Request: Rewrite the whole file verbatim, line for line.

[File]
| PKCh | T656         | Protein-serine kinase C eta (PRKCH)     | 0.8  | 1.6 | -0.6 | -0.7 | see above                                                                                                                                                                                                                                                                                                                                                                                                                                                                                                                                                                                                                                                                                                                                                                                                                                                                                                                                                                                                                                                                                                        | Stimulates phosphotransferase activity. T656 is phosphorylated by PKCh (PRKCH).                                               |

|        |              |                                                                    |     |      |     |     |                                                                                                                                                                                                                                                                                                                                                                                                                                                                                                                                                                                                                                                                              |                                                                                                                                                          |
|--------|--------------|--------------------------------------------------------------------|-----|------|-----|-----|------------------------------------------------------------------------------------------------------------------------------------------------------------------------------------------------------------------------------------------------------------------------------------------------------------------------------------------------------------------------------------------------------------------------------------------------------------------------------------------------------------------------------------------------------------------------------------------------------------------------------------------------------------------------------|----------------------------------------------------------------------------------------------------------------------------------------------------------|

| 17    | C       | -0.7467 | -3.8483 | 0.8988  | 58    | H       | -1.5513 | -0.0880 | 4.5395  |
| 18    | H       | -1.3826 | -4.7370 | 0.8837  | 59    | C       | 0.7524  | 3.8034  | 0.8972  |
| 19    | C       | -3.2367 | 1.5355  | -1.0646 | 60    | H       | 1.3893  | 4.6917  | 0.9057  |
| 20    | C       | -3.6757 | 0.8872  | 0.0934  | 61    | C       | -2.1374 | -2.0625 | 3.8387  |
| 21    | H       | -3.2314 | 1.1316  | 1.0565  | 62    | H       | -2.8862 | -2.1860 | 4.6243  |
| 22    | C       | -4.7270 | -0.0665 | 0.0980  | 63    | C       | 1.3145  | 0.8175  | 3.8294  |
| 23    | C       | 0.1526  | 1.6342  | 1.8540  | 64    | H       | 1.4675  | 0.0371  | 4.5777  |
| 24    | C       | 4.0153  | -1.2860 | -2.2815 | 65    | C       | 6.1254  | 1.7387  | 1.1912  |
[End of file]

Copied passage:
| PKCh | T656         | Protein-serine kinase C eta (PRKCH)     | 0.8  | 1.6 | -0.6 | -0.7 | see above                                                                                                                                                                                                                                                                                                                                                                                                                                                                                                                                                                                                                                                                                                                                                                                                                                                                                                                                                                                                                                                                                                        | Stimulates phosphotransferase activity. T656 is phosphorylated by PKCh (PRKCH).                                               |

|        |              |                                                                    |     |      |     |     |                                                                                                                                                                                                                                                                                                                                                                                                                                                                                                                                                                                                                                                                              |                                                                                                                                                          |
|--------|--------------|--------------------------------------------------------------------|-----|------|-----|-----|------------------------------------------------------------------------------------------------------------------------------------------------------------------------------------------------------------------------------------------------------------------------------------------------------------------------------------------------------------------------------------------------------------------------------------------------------------------------------------------------------------------------------------------------------------------------------------------------------------------------------------------------------------------------------|----------------------------------------------------------------------------------------------------------------------------------------------------------|

| 17    | C       | -0.7467 | -3.8483 | 0.8988  | 58    | H       | -1.5513 | -0.0880 | 4.5395  |
| 18    | H       | -1.3826 | -4.7370 | 0.8837  | 59    | C       | 0.7524  | 3.8034  | 0.8972  |
| 19    | C       | -3.2367 | 1.5355  | -1.0646 | 60    | H       | 1.3893  | 4.6917  | 0.9057  |
| 20    | C       | -3.6757 | 0.8872  | 0.0934  | 61    | C       | -2.1374 | -2.0625 | 3.8387  |
| 21    | H       | -3.2314 | 1.1316  | 1.0565  | 62    | H       | -2.8862 | -2.1860 | 4.6243  |
| 22    | C       | -4.7270 | -0.0665 | 0.0980  | 63    | C       | 1.3145  | 0.8175  | 3.8294  |
| 23    | C       | 0.1526  | 1.6342  | 1.8540  | 64    | H       | 1.4675  | 0.0371  | 4.5777  |
| 24    | C       | 4.0153  | -1.2860 | -2.2815 | 65    | C       | 6.1254  | 1.7387  | 1.1912  |